The Mediterranean has never hindered the flow of populations. On the contrary, throughout history it has served more as a highway than a barrier, allowing intense commercial interactions and political integration but also destabilizing movements of people and bold projections of power. The 5th century AD is a case in point. Coming from the North, the Vandals crossed the straits of Gibraltar en masse, disrupting the life of the North African provinces (in a reversal of the historic threats coming north from North Africa, such as the Punic assaults in the 3rd and 2nd centuries BC). Unrest, devastation, weakening of civil authority, and war were the result, ruining the wealthiest and until then safest part of the late Roman Empire.In part the Vandal flood of North Africa was the outcome of petty infighting among Roman administrators and the fruit of just plain stupidity of the imperial authorities. The barbarians had been invited by Boniface, the local Roman commander, who felt threatened by the imperial authorities eager to curb his ambition to become the supreme leader in the region. He probably had even greater aspirations, being one of those recurrent cases in history of a huge mismatch between ambition and capabilities. Boniface thought that he could strike a deal with the Vandals, trading some control over the region for their manpower. By the time he realized that the Vandals were too powerful to accept a deal, it was too late and the entire political structure in the region was up in flames.Rome then, like much of the West now, was not blessed with great political leaders.Whatever the reasons for the Vandals’ southward push, one thing was certain: the existing political order was threatened. Roman military presence was scant, local barbarian tribes that until recently were on the imperial payroll turned unreliable (Saint Augustine: “For not only on the frontier, but throughout all the provinces, the security of peace rests on the oaths of barbarians”), and even bishops seemed unwilling to stay and share the fate of their flocks.As the Vandals advanced eastward along the North African coastline, cities and communities surrendered without putting much of a fight. As Possidius, the bishop of Cama, put it, “a great host of savage foes, Vandals and Alans, with some of the Gothic tribe interspersed, and various other peoples, armed with all kinds of weapons and well trained in warfare, came by ship from the regions of Spain…. [And] they completely devastated everything they could by their pillage, murder and varied tortures, conflagrations and other innumerable and unspeakable crimes….”1The barbarians did not want to become shareholders of the existing political and social order; they wanted to wreck it and establish their own.The security situation, then, posed a big question: Why defend a political order that was clearly corrupt and led by half-witted pompous hedonists? After all, Rome had been far from a just city: It had created an order, but through violence. “How many great wars, how much slaughter and bloodshed, have provided this unity! And though these are past, the end of these miseries has not yet come.” (Saint Augustine, City of God, XIX, 7, p. 683).Some were surely tempted not to oppose the Vandals, seeking some accommodation, or simply running away and abandoning their positions of responsibility, high and low. After all, a new social order would arise, underwritten by the Vandals, and it was futile to stand athwart this mass movement. Perhaps the people should simply accept the changing nature of political rule and adapt to the movement of history.Saint Augustine thought otherwise. In a series of letters to Boniface, the confused Roman commander, the Saint in no uncertain terms argued that secular authorities had the duty to protect the social order and the populations entrusted to them. There is absolutely no presumption against war in Saint Augustine’s argument to Boniface. On the contrary, he writes in letter 189, “Do not think that it is impossible for anyone to please God while engaged in military service.”Sure, abandoning earthly preoccupations is a noble cause but not all are called to do that. “There are some who by praying for you fight against your invisible foes, while you by fighting for them are striving against the visible barbarians.” Contra visibiles barbaros—there are visible, tangible, real enemies to eliminate, and we should not deceive ourselves into thinking that some harmony can be achieved or that we can all retreat into a monastery. Harmony—or a tranquillitas ordinis (City of God, XIX, 13, p. 690)—is not of this earth. A political order, like the one North Africa enjoyed under the remnants of Roman authority, is a blessing, but, as a scholar put it, “All human order was fragile, poised over an abyss of chaos. It needed the best that men—Christian and non-Christian alike—could give to its preserving and fostering.”2Therefore, Saint Augustine continued, stop chasing women (Boniface was on his second wife and had concubines) and man those walls! “It is certainly shameful if someone who is undefeated by another human being is defeated by lust, or undefeated by iron, but overwhelmed by wine.” (Letter 189) You, Boniface, are failing in your duty as a soldier by putting the satisfaction of your basest needs above the defense of the people entrusted to you.In another letter (Letter 220) to Boniface, Saint Augustine writes: “The barbarians of Africa are succeeding here without meeting any resistance so long as you are in your present state, preoccupied with your own needs, and are organizing nothing to prevent this disaster.” Nobody thought that with you as commander (comes) “the barbarians would have become so bold, have advanced so far, have caused so much devastation, have plundered so widely, have made deserts of so many places that were full of people.”Yes, Rome is imperfect. Yes, Rome also may have been unjust with Boniface, whose frontier services were unrequited by the higher authorities in the capital. Yes, no political and social order is lasting. But the “Roman empire provides you with good things, even if they are ephemeral and earthly (for it is an earthly, not a heavenly, institution and can only provide what is in its power).” (Letter 220) Those good things—social order—are worth defending. War therefore is a duty and a necessity. “You don’t seek peace in order to stir up war; no—war is waged in order to obtain peace. Be a peacemaker, therefore, even in war, so that by conquering them you bring the benefit of peace even to those you defeat.” (Letter 189)Secular leadership—Boniface in this case—has a heavy responsibility. And Saint Augustine is careful in not offering operational advice. How you, Boniface, protect the existing order is your mission! “Are you asking me to give advice in the light of this world on how to safeguard this ephemeral security of yours…? If so, then I am unable to answer you. There is no secure advice to give for purposes that are so insecure.” (Letter 220) You, Boniface, have political experience, a trained military mind, and the ability to assess the state of your forces; it is your task to figure this out.How one defends one’s own fragile political order is a question best left to the security experts. But first one must be clear that the fragile order needs to be defended and not sacrificed to personal vanity or to an abstract and utopian harmony.In the end, Saint Augustine died during the siege of Hippo Regius in 430 AD. Shortly thereafter, Boniface was utterly defeated by the Vandals. Rome lost its grip over North Africa. But this outcome, like all events in history, was not inevitable. History is not written by inexorable movements of masses or the iron laws of decline and birth of political orders, but by decisions taken by individuals. In this case, it was the military failure of Boniface, and perhaps the failure of Saint Augustine to convince Boniface to fight the Vandals earlier rather than inviting them in, that led to the collapse of Roman order in North Africa.In the face of current security upheavals in Europe, we certainly seem to need now a vigorous Saint Augustine and better secular leaders than Boniface.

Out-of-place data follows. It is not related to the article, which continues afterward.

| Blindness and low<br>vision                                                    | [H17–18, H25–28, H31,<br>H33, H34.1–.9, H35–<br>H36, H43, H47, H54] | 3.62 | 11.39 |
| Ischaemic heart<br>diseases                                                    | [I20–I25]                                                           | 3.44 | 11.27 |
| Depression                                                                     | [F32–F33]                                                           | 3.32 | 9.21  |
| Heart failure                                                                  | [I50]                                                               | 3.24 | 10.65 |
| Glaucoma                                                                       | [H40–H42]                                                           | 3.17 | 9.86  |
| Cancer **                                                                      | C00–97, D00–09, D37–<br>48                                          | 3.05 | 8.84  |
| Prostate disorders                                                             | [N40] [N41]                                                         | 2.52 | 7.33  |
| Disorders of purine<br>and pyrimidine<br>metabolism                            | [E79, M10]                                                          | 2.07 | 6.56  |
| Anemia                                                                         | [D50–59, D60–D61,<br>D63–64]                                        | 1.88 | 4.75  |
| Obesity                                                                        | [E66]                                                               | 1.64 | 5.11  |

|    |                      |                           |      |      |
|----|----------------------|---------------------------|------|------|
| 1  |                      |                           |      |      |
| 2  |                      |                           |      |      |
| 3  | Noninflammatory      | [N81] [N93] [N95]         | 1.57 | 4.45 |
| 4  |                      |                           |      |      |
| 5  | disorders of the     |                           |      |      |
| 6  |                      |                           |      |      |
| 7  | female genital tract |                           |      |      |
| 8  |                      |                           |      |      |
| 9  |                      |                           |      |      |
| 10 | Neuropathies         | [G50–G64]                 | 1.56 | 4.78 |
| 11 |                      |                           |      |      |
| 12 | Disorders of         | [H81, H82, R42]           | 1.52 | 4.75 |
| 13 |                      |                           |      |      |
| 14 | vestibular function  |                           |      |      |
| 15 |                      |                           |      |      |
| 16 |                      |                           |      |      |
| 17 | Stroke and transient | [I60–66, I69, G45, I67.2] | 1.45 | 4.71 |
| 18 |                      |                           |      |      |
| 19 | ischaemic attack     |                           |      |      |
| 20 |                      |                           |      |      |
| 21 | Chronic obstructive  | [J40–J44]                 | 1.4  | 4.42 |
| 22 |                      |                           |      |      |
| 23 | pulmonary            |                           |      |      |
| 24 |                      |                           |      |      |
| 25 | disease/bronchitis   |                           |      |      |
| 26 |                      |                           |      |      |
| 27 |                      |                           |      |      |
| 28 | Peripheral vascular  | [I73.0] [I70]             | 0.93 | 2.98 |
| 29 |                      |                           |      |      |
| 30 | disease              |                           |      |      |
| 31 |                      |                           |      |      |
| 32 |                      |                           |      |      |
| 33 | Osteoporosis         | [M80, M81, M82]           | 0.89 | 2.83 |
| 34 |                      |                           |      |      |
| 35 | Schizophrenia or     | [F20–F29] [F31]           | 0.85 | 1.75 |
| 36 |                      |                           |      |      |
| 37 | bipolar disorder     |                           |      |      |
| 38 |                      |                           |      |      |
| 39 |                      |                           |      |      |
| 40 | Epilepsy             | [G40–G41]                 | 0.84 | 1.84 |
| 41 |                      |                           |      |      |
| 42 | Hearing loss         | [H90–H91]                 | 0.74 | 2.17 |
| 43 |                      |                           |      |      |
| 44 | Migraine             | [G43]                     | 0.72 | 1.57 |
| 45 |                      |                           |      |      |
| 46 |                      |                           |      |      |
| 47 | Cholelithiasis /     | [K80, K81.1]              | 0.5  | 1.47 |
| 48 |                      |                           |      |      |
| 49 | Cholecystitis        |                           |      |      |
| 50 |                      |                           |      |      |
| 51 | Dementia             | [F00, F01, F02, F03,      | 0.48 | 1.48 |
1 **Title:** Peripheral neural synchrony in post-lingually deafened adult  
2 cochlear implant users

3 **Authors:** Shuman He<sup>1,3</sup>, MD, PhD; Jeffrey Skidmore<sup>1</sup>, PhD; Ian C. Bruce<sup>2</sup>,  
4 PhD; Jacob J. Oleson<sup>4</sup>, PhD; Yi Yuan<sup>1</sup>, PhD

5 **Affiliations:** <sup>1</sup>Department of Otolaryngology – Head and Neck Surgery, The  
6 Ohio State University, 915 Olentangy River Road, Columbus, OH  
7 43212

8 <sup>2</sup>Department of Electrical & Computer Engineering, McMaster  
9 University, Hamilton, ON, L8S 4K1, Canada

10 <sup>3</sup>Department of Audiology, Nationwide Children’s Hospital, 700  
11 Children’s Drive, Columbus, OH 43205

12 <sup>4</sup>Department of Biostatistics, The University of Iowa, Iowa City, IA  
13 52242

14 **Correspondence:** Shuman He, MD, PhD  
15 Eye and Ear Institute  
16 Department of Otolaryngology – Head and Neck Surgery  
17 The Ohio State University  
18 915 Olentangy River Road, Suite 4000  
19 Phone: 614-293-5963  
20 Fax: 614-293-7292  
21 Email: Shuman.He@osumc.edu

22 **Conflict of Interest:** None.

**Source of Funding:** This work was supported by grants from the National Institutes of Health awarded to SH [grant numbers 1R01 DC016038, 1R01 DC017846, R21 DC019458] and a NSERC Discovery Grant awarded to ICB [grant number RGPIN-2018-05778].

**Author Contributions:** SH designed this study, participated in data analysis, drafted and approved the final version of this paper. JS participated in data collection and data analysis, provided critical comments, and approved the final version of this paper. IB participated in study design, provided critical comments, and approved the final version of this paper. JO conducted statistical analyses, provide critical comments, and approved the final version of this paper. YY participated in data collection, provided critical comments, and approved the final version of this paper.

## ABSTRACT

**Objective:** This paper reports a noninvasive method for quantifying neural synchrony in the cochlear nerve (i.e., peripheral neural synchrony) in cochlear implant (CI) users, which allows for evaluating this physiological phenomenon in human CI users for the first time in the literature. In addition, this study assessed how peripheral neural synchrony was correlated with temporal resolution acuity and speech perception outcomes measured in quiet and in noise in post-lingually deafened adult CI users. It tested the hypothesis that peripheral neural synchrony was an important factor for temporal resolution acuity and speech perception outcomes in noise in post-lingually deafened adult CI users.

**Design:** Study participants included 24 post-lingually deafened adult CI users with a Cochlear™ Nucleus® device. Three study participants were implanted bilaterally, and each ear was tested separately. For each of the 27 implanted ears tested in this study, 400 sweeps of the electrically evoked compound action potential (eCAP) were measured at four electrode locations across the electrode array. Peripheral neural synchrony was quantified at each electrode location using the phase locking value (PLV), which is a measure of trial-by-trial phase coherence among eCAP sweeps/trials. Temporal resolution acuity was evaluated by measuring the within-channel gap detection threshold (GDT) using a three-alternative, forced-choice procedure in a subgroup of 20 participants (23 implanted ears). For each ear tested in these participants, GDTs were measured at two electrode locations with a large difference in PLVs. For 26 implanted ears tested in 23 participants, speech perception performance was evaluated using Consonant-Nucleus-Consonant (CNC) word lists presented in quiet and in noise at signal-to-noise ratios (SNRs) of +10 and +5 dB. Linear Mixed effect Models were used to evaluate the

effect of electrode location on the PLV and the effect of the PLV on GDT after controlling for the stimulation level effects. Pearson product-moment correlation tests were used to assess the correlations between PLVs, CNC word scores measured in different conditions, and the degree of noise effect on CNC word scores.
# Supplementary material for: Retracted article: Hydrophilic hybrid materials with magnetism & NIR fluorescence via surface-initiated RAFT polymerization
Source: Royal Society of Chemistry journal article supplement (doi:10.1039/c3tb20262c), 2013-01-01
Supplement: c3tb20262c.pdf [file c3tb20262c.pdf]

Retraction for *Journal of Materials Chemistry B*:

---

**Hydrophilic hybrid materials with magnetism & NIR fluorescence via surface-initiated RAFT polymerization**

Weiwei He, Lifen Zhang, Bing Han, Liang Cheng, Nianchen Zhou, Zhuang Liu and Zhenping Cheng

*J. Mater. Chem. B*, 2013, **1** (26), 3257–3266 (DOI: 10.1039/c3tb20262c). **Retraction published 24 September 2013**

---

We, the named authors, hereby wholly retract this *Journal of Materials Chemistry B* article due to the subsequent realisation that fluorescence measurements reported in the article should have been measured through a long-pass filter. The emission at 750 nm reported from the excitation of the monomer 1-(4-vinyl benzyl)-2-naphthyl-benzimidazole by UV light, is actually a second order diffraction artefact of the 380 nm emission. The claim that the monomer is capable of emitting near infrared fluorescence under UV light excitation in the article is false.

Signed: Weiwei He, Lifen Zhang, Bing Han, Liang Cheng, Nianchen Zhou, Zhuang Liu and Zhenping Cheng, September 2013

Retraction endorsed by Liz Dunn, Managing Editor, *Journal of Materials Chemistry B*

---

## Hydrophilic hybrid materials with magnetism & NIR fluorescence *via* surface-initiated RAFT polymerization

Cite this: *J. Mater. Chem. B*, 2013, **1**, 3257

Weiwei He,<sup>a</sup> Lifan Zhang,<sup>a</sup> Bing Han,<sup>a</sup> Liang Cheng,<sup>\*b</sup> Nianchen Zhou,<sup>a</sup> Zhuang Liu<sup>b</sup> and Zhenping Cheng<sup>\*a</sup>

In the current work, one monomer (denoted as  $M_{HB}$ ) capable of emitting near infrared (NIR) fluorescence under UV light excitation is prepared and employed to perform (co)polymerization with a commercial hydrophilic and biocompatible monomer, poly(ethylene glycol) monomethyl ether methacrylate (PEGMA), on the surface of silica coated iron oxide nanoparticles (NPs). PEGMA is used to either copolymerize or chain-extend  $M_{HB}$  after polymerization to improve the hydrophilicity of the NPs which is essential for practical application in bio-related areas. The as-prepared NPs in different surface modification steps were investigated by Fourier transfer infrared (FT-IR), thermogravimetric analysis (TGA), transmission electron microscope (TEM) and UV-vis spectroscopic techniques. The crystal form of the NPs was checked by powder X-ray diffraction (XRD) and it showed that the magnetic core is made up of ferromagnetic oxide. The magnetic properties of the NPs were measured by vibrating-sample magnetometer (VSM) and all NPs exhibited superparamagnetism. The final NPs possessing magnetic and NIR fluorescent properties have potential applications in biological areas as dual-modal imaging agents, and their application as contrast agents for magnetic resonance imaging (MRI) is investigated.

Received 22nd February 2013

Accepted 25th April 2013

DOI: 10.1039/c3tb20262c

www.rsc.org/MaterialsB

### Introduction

1Possidius, The Life of Saint Augustine, trans. by Herbert Weiskotten (Evolution Publishing, 2008), pp. 40–1.2R. A. Markus, Saeculum: History and Society in the Theology of St. Augustine (Cambridge University Press, 1970), p. xi.